- Revisiting Lombroso
- Biology and Crime
- Parenting and Crime
- The Psychology of Criminal Conduct
- Risk Factors and Crime
- Social Learning and Crime
- Hirschi’s Criminology
- General Strain and Urban Youth Violence
- Social Support and Crime
- Life-Course-Persistent Offenders
- Change in Offending across the Life Course
- Two Approaches to Developmental/Life-Course Theorizing
- Peer Networks and Crime
- Contemporary Gang Ethnographies
- Girls, Friends, and Delinquency
- Gender and Theories of Delinquency
- Neighborhood Ties, Control, and Crime
- Community, Inequality, and Crime
- Street Culture and Crime
- The Code of the Suburb and Drug Dealing
- Social Institutions and Crime
- The Market Economy and Crime
- Immigration and Crime
- Choosing Street Crime
- Choosing White-Collar Crime
- Emotions, Choice, and Crime
- Routine Activity Theory
- The Theory of Target Search
- Crime Places and Place Management
- Multilevel Criminal Opportunity
- Coercion and Crime
- Green Criminology
- Perceptual Deterrence Theory
- The Effects of Imprisonment
- Coercive Mobility
Abstract and Keywords
According to social support theory, people who live in environments that provide more support are less likely to commit a crime. In other words, criminal behavior is discouraged when societies, cities, neighborhoods, friendship networks, and families provide individuals with the necessary tools to live a prosocial lifestyle. The social structure of societies can thus create positive conditions that improve individuals and their lives in ways that reduce the likelihood of engaging in criminal activities. This article discusses social support theory, including its conceptual foundation. It examines Francis T. Cullen's initial statement of the theory, explains how social support is related to crime across the life course, and reviews the current empirical status of social support theory. The article concludes by emphasizing how criminologists and policymakers can use the concept of social support in their efforts to understand criminal behavior.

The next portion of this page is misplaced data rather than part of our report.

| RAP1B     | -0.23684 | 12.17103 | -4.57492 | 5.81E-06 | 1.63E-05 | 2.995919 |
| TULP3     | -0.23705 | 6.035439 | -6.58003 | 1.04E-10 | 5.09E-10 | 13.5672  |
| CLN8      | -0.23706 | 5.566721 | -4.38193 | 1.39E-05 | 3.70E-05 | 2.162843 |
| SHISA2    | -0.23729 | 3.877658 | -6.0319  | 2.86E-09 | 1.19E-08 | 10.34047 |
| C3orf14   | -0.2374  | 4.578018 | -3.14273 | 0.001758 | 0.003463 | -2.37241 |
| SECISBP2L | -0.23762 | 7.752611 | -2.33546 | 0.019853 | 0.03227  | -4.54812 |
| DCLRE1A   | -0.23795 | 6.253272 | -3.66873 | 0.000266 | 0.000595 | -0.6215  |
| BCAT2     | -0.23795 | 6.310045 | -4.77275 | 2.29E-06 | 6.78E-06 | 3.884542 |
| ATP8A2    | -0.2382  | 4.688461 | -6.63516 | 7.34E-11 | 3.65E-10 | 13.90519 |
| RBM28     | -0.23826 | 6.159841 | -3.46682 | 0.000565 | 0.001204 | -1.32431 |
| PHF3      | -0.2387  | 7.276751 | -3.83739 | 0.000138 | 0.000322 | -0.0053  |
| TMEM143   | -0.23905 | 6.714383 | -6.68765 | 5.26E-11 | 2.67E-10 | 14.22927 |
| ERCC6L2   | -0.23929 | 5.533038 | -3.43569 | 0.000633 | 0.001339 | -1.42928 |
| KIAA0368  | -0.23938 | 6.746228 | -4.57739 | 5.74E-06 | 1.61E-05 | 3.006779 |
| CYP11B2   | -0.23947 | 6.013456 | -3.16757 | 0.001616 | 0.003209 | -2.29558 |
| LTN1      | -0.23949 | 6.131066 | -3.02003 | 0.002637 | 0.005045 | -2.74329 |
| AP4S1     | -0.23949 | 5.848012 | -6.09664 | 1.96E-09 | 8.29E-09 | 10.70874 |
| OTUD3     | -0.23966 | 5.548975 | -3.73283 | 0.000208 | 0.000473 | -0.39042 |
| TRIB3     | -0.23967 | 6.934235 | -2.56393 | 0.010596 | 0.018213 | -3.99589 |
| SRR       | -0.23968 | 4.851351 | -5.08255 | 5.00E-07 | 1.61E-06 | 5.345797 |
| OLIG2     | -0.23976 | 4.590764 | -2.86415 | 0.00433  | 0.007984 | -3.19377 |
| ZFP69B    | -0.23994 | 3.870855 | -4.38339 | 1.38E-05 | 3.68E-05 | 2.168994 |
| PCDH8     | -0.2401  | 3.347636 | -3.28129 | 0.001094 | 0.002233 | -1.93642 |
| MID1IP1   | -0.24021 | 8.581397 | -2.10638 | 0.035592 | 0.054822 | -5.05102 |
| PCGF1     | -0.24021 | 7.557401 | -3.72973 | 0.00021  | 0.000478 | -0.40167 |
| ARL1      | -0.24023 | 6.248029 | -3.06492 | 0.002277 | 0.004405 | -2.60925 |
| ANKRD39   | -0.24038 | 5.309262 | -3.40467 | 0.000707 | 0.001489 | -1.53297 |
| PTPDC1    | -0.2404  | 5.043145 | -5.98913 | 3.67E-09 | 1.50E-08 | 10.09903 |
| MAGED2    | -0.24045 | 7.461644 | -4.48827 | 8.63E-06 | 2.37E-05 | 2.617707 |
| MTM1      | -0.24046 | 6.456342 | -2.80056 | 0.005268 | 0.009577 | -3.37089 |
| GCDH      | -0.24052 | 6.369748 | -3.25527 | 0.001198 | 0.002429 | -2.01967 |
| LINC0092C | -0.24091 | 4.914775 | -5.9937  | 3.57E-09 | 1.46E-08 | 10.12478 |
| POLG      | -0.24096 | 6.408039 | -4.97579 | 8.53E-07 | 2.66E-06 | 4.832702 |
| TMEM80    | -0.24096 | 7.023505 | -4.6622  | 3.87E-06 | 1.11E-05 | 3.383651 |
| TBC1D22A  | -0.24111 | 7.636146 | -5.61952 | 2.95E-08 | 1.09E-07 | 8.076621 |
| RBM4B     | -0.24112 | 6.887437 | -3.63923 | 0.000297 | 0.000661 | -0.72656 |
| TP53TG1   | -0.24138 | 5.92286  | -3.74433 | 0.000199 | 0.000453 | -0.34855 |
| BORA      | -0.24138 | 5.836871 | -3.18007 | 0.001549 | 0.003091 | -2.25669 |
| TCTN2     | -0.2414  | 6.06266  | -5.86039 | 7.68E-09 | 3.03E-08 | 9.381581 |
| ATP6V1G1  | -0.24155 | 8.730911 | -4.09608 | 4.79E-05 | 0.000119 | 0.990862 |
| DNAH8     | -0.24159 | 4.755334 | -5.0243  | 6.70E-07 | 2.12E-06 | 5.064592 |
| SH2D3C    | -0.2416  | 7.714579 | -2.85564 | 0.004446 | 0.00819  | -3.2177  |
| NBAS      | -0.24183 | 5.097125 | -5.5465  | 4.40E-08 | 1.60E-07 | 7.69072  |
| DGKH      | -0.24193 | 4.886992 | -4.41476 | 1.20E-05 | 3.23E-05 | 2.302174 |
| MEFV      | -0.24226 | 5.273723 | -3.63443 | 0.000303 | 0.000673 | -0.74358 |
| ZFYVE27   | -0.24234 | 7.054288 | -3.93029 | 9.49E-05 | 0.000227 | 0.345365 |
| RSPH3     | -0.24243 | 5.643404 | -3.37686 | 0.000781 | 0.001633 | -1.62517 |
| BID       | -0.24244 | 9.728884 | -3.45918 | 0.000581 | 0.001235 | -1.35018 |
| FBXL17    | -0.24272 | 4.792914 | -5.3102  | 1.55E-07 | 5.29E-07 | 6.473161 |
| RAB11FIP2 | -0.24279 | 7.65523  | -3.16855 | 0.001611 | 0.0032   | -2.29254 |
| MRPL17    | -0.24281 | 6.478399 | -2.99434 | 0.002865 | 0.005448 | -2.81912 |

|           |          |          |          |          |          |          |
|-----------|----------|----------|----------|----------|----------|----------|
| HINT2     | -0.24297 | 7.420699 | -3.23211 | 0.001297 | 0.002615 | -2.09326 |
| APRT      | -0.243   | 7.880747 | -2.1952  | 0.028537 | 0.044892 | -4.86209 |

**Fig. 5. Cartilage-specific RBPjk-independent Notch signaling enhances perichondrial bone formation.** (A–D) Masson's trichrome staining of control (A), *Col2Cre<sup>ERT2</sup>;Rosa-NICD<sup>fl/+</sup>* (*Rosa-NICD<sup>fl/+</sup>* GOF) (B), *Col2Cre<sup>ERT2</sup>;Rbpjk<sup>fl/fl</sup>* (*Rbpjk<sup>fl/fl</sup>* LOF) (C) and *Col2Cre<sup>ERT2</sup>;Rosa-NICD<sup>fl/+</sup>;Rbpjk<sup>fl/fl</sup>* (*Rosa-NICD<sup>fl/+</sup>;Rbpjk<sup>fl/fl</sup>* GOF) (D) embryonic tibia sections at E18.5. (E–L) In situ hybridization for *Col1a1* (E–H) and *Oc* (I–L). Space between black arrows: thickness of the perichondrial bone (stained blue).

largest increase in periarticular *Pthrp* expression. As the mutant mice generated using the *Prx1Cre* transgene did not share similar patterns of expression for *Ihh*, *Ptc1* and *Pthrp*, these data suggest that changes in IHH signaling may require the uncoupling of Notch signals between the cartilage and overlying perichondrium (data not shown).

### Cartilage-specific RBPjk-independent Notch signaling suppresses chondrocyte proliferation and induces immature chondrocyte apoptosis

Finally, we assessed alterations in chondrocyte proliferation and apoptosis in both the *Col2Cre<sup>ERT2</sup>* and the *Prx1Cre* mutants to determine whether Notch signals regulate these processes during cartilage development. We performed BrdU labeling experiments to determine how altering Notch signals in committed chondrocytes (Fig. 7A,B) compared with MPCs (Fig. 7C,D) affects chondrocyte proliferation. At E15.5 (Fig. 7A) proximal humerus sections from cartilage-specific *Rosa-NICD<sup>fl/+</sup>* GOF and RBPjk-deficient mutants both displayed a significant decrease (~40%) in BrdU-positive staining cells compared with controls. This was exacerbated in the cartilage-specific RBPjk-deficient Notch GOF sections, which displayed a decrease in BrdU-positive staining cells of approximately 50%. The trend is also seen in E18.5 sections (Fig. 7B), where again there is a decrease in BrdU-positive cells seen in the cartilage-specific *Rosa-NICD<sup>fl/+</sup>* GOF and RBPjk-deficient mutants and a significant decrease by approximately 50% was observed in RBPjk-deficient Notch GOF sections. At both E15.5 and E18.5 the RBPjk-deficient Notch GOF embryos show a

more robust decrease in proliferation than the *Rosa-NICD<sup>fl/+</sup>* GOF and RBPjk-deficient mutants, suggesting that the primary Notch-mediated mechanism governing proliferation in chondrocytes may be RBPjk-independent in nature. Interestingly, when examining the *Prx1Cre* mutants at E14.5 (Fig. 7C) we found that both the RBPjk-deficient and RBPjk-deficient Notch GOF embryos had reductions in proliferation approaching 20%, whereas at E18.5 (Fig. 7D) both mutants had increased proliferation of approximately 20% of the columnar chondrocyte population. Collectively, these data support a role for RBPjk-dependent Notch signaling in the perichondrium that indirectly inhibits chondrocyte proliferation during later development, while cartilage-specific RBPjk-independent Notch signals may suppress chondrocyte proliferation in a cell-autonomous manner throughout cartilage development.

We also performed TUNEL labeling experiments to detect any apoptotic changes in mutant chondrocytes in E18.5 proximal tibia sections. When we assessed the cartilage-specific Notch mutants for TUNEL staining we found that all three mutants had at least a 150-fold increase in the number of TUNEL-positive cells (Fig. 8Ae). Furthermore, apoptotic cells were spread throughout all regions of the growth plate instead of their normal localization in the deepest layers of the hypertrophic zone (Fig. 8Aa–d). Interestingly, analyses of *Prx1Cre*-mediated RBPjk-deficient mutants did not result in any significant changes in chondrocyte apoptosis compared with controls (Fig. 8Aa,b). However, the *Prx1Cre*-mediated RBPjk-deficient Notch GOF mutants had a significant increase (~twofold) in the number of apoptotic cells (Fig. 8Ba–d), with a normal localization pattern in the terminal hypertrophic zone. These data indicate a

Matthew D. Makarios is Assistant Professor of Criminal Justice at the University of Wisconsin-Parkside.
Tara Livelsberger is a doctoral student in Criminal Justice at the University of Cincinnati.
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